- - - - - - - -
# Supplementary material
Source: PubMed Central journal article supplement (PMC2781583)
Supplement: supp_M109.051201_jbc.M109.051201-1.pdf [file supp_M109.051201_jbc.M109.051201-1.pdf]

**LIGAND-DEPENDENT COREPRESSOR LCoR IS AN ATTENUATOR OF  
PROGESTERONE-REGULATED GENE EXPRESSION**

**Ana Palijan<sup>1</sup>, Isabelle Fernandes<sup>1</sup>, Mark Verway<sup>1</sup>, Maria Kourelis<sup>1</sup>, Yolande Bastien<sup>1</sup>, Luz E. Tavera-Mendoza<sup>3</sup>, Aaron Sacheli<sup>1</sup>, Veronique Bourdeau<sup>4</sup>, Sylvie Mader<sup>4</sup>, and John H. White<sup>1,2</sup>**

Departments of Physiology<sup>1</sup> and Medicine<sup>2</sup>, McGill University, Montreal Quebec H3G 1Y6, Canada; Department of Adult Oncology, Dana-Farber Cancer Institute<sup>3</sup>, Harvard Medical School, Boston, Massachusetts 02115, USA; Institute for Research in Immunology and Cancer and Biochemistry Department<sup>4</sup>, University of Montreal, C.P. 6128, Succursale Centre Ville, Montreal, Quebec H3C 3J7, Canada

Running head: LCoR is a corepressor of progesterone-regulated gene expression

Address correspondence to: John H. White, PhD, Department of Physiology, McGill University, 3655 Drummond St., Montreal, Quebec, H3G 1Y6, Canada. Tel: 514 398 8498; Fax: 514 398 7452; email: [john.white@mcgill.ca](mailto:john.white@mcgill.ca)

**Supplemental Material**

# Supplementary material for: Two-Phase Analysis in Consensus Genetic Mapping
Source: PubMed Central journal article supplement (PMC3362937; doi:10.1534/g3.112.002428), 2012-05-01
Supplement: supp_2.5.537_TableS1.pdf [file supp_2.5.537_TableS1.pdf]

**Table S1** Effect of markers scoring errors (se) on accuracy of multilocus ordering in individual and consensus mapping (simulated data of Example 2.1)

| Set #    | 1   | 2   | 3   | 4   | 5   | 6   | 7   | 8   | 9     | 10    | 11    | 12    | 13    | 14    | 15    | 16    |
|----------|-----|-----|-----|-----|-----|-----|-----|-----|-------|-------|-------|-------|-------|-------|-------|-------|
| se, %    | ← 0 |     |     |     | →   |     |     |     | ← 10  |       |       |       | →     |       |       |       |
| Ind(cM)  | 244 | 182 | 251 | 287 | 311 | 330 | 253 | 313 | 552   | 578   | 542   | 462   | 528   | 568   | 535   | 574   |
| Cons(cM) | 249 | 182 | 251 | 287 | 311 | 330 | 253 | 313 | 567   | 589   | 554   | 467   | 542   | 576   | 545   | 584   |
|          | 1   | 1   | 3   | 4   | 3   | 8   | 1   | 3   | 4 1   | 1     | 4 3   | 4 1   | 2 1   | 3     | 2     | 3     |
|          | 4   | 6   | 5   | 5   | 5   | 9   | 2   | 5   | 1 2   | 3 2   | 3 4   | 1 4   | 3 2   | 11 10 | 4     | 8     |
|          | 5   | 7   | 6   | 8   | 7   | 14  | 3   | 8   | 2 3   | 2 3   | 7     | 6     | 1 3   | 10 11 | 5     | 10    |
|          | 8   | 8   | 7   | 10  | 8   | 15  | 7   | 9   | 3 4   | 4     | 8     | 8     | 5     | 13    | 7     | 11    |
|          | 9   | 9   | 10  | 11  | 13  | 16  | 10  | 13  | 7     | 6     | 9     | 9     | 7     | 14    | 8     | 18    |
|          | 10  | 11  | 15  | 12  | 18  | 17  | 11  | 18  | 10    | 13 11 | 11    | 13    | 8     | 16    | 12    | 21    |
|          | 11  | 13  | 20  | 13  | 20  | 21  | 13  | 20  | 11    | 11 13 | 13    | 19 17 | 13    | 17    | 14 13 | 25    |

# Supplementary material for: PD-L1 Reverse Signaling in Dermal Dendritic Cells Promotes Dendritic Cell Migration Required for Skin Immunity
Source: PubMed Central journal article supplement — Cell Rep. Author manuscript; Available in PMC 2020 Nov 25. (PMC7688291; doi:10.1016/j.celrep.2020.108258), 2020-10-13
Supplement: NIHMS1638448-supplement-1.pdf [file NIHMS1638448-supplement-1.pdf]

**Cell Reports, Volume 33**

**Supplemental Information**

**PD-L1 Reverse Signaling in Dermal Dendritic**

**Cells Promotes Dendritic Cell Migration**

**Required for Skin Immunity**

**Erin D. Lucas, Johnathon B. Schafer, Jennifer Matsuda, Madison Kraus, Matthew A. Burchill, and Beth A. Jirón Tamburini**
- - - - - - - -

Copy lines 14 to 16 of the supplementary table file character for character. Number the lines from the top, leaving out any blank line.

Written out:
**Table S1** Effect of markers scoring errors (se) on accuracy of multilocus ordering in individual and consensus mapping (simulated data of Example 2.1)

| Set #    | 1   | 2   | 3   | 4   | 5   | 6   | 7   | 8   | 9     | 10    | 11    | 12    | 13    | 14    | 15    | 16    |
|----------|-----|-----|-----|-----|-----|-----|-----|-----|-------|-------|-------|-------|-------|-------|-------|-------|